I want to elaborate on those words of the Collect for All Saints Day, and do so with all of us sharing an image in our minds as we proceed. Read more “Homily: “On Communion of the Saints””

On the Ministry of the Laity

[This essay by Father Dallman appeared in the May 2018 issue of The Spire, the newsletter of the Parish of Tazewell County.]

Saint Paul teaches in the fourth chapter of his Epistle to the Ephesians that saints (the baptized) are to be equipped for work of ministry, for “building up the body of Christ, until we all attain to the unity of the faith and of the knowledge of the Son of God, to mature manhood, to the measure of the stature of the fulness of Christ.” He also teaches elsewhere of the centrality of the virtues of Faith, Hope, and Charity to the Christian life.

The pressing question then becomes, within the context of Baptism, how do equipping the saints for ministry and the virtues of Faith, Hope, and Charity hang together as part of an overall “baptismal spirituality” or “baptismal life”? What is the shape or pattern? Read more “On the Ministry of the Laity”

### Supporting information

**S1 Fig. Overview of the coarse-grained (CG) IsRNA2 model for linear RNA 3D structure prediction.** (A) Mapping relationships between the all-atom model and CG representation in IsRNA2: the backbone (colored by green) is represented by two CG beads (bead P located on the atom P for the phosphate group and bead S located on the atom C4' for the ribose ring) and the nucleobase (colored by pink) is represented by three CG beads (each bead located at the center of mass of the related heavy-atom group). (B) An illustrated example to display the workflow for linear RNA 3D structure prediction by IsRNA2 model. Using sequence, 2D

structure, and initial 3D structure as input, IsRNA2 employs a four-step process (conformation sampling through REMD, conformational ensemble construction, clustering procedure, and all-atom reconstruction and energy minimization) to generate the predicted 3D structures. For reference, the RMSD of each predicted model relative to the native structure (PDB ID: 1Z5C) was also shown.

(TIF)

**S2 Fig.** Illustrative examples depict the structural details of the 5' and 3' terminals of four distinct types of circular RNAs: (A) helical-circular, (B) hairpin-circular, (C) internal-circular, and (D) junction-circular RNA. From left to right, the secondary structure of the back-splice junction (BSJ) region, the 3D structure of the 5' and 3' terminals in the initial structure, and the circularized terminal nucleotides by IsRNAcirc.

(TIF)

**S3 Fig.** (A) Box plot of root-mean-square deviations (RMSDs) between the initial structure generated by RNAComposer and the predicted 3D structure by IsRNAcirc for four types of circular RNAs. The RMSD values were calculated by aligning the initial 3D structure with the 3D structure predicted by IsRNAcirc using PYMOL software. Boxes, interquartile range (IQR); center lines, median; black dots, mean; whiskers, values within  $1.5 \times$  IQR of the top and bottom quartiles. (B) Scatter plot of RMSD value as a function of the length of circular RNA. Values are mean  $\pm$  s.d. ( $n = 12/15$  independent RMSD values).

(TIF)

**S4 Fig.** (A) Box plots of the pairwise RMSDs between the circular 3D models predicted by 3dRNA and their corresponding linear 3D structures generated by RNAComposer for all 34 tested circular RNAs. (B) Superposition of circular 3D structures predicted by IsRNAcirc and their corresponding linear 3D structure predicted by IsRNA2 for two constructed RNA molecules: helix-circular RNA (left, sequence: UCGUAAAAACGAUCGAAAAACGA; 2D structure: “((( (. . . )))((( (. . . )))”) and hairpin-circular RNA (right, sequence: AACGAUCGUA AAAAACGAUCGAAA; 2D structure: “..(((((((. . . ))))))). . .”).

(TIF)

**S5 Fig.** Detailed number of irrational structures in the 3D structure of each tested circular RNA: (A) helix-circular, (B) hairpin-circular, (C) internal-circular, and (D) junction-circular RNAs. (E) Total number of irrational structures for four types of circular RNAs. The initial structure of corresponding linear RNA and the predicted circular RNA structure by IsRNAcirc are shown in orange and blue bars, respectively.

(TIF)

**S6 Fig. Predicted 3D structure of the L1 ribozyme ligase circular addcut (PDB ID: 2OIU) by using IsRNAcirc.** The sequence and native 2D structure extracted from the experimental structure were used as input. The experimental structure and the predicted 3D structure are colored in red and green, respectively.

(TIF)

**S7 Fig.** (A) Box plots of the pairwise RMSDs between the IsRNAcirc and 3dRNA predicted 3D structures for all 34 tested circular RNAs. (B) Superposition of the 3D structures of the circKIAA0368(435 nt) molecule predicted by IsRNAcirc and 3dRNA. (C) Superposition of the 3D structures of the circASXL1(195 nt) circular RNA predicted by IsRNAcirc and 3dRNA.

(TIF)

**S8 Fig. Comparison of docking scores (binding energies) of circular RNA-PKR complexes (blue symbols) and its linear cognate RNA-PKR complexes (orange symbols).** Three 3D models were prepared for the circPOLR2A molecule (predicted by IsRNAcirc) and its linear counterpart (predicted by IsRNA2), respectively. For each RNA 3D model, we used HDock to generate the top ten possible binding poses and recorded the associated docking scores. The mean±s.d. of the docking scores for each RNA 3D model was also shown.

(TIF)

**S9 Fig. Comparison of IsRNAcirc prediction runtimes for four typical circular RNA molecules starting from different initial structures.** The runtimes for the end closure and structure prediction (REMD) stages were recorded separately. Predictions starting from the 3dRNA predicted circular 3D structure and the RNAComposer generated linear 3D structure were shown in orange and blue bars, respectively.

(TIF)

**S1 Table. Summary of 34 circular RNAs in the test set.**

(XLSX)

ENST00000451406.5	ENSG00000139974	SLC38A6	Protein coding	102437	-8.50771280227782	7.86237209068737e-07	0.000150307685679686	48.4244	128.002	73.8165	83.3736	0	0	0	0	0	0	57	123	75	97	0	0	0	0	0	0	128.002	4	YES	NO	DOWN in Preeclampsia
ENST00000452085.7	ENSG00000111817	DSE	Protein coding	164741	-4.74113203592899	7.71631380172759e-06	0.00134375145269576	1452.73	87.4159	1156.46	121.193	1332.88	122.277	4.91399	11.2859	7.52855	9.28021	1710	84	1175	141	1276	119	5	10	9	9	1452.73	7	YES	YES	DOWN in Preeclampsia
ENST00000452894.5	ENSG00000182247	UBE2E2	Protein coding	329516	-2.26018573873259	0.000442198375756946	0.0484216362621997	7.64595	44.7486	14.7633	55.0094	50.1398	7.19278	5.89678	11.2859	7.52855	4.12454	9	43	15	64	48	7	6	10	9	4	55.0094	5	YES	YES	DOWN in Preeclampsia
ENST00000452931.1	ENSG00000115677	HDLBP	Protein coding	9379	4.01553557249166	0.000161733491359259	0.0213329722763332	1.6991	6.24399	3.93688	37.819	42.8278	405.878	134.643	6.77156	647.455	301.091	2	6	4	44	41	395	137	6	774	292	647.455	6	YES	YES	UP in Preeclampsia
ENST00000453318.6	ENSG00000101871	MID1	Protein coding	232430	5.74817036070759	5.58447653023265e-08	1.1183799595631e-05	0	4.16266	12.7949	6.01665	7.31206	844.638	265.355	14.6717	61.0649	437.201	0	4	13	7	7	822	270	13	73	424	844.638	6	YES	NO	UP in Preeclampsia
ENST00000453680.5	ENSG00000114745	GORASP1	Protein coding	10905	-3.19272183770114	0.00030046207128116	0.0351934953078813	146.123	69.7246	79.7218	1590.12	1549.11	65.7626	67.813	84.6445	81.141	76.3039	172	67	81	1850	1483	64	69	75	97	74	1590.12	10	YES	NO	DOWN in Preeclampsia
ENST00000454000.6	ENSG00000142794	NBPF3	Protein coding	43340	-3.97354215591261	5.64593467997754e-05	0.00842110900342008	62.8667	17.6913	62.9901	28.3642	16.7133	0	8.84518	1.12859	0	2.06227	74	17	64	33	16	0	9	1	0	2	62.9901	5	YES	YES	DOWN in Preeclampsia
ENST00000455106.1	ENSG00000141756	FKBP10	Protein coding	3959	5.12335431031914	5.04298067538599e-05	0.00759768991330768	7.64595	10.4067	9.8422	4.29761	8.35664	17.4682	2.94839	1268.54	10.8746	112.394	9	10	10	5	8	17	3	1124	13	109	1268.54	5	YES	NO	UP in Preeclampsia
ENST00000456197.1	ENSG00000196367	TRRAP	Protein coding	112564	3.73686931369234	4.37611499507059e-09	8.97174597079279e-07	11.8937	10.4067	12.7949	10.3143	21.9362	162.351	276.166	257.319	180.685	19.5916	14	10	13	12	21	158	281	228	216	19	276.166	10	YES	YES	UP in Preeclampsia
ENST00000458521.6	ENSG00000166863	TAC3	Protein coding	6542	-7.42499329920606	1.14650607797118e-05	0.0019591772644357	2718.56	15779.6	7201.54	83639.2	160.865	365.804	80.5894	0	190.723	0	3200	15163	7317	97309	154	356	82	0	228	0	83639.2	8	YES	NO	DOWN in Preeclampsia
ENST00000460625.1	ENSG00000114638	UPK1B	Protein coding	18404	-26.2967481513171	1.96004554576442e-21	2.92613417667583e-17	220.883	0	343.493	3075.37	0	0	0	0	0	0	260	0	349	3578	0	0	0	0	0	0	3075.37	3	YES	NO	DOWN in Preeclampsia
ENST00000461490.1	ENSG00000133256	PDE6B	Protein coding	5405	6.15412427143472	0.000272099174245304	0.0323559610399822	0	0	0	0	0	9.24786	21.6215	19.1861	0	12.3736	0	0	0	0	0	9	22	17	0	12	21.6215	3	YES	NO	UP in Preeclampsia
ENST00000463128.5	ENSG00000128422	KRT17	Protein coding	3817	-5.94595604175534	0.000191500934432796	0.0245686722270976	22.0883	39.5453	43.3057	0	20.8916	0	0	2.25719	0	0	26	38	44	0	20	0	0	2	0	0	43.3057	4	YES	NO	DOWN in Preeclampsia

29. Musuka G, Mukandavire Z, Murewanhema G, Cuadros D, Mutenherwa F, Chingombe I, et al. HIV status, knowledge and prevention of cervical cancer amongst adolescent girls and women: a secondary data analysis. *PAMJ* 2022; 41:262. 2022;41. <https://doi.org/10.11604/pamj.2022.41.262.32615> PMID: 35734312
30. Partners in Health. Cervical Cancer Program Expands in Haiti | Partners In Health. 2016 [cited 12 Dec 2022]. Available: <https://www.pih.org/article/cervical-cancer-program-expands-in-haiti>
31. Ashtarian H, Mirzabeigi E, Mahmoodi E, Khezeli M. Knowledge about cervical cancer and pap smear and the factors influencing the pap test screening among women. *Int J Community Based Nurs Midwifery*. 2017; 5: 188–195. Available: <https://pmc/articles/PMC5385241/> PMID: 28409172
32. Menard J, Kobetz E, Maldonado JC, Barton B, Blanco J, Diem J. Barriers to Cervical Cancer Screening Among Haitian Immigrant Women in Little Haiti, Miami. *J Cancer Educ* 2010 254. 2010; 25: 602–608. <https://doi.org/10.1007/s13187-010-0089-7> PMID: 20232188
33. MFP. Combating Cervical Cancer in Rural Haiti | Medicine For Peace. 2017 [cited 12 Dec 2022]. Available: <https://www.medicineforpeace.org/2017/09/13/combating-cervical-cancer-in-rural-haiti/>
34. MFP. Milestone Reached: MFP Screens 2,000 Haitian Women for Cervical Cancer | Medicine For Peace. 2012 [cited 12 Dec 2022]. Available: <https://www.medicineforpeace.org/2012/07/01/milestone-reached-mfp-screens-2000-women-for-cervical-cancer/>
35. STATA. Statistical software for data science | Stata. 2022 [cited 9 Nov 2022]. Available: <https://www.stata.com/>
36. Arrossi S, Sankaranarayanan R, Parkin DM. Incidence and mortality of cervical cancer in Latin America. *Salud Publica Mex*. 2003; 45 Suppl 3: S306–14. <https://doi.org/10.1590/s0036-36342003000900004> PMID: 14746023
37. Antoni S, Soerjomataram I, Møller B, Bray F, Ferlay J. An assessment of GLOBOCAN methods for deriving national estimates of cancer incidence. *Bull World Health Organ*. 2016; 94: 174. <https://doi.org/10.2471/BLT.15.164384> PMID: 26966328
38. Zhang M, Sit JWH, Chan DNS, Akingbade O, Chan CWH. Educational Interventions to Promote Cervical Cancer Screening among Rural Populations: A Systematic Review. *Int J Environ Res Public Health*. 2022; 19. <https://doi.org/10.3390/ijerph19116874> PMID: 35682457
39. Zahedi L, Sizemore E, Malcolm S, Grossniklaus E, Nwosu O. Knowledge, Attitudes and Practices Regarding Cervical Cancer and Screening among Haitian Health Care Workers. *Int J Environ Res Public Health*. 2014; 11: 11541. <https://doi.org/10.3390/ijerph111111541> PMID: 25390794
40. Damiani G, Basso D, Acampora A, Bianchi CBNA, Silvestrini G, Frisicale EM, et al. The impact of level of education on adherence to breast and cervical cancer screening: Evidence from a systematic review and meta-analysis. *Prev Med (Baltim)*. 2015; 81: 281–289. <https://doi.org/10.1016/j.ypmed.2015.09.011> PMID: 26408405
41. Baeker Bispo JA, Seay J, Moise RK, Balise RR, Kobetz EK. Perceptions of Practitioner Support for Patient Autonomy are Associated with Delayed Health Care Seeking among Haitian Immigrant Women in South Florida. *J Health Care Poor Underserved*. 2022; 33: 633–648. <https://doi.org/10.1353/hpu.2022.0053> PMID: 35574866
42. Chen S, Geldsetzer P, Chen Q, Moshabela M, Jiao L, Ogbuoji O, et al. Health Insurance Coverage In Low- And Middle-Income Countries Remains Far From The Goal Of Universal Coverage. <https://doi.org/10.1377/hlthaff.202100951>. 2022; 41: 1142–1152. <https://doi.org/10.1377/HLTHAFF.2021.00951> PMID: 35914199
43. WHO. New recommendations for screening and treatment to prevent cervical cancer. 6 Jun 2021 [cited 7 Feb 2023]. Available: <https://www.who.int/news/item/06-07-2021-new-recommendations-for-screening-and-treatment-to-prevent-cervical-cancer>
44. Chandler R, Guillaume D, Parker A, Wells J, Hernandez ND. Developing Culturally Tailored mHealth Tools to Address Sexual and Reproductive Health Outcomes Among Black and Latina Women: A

Homily: “On Firm and Certain Faith”

Offered by Father Matthew Dallman, Obl.S.B., for the Parish of Tazewell County on the Second Sunday of Easter, 2018.

It is not the easiest passage in the Sacred Scriptures to contemplate, but the passage from the Book of Isaiah is a very important one, which is why it is provided for our prayer today. “Open the gates,” Isaiah begins. He is dreaming about the future: a future kept by God, a future where peace is the way of life—a future built on confident trust in the Lord God as an everlasting rock. In the words of one Old Testament scholar, this passage is called Isaiah’s “song of the redeemed.” The vision celebrated in this song foresees a future in which the fortunes of the present will be reversed: the mighty will be brought low. It will celebrate Jerusalem, the strong city of God that has withstood the enemy and encloses the faithful. Read more “Homily: “On Firm and Certain Faith””

Homily: “On Wanting A Clean Heart”

Offered by Father Matthew Dallman, Obl.S.B., for the Parish of Tazewell County, on The Fifth Sunday in Lent, 2018.

We have asked in our Collect for the grace to love what Jesus has commanded us to love, and to desire what He has promised to us. And we have asked that our hearts be fixed to where true joys are to be found, amid the swift and varied changes of the world. Life indeed does change on a dime. Our sense of normalcy, of just wanting things to get back to the way they used to be, because they were going along, well not perfectly, but well enough—the rug gets pulled out from under us. Dramatic changes in our life are swift—too swift.